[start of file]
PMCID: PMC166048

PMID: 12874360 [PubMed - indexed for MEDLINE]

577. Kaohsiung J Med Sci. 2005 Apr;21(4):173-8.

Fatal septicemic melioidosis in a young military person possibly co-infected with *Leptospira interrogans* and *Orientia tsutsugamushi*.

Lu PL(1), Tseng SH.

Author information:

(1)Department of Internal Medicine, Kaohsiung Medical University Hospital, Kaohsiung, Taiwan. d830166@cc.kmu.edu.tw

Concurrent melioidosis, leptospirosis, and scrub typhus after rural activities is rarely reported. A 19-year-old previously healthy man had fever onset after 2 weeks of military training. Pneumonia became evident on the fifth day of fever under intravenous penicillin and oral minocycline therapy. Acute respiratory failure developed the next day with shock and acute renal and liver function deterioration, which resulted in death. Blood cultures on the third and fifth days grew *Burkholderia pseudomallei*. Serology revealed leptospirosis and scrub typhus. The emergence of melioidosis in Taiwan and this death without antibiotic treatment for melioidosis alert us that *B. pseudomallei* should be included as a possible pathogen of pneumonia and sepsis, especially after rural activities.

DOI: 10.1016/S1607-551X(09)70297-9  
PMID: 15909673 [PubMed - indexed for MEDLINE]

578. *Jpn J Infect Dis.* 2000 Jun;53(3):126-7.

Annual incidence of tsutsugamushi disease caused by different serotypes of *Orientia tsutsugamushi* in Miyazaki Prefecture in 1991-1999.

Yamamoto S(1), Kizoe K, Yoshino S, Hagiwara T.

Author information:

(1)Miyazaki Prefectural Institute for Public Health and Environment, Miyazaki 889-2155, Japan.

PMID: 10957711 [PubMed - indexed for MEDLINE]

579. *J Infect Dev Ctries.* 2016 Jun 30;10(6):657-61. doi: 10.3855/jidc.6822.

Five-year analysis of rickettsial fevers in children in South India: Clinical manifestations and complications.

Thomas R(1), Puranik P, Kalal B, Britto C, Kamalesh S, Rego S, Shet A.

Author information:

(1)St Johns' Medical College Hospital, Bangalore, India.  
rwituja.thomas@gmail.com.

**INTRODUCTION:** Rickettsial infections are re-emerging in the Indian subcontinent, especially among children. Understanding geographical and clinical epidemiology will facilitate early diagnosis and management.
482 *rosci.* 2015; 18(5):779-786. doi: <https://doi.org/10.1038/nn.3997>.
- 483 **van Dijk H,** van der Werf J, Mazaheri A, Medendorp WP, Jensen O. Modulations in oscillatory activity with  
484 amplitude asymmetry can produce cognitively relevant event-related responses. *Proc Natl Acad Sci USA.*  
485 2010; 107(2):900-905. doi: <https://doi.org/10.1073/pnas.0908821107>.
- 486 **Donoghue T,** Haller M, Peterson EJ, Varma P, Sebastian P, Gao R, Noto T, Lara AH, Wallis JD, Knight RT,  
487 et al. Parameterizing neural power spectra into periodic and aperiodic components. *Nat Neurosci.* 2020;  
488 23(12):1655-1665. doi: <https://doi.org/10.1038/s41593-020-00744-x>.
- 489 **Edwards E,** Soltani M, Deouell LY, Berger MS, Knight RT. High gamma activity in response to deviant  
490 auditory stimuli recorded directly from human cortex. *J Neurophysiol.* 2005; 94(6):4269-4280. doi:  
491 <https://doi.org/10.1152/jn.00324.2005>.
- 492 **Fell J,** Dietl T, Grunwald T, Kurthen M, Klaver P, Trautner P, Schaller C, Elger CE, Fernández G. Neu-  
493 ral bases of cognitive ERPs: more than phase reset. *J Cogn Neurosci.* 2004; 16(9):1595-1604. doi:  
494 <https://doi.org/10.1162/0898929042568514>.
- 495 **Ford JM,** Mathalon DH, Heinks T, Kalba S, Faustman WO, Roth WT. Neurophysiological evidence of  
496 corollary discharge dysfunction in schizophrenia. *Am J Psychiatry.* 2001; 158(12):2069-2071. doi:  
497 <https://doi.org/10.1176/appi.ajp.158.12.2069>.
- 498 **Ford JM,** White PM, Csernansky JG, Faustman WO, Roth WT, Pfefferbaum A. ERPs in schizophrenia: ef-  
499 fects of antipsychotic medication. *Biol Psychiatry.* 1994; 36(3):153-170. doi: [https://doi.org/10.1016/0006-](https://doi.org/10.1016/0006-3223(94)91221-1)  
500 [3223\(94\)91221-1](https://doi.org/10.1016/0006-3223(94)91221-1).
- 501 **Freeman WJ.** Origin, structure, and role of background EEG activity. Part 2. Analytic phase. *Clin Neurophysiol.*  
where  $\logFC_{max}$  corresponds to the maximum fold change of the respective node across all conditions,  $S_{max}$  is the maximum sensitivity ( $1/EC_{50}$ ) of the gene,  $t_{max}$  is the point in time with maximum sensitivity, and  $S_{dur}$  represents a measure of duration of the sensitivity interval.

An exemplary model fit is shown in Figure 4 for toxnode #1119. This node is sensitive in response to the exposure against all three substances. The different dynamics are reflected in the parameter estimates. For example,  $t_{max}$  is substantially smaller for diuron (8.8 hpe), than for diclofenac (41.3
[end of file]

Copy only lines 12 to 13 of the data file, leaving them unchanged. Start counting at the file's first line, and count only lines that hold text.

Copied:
Annual incidence of tsutsugamushi disease caused by different serotypes of *Orientia tsutsugamushi* in Miyazaki Prefecture in 1991-1999.

Yamamoto S(1), Kizoe K, Yoshino S, Hagiwara T.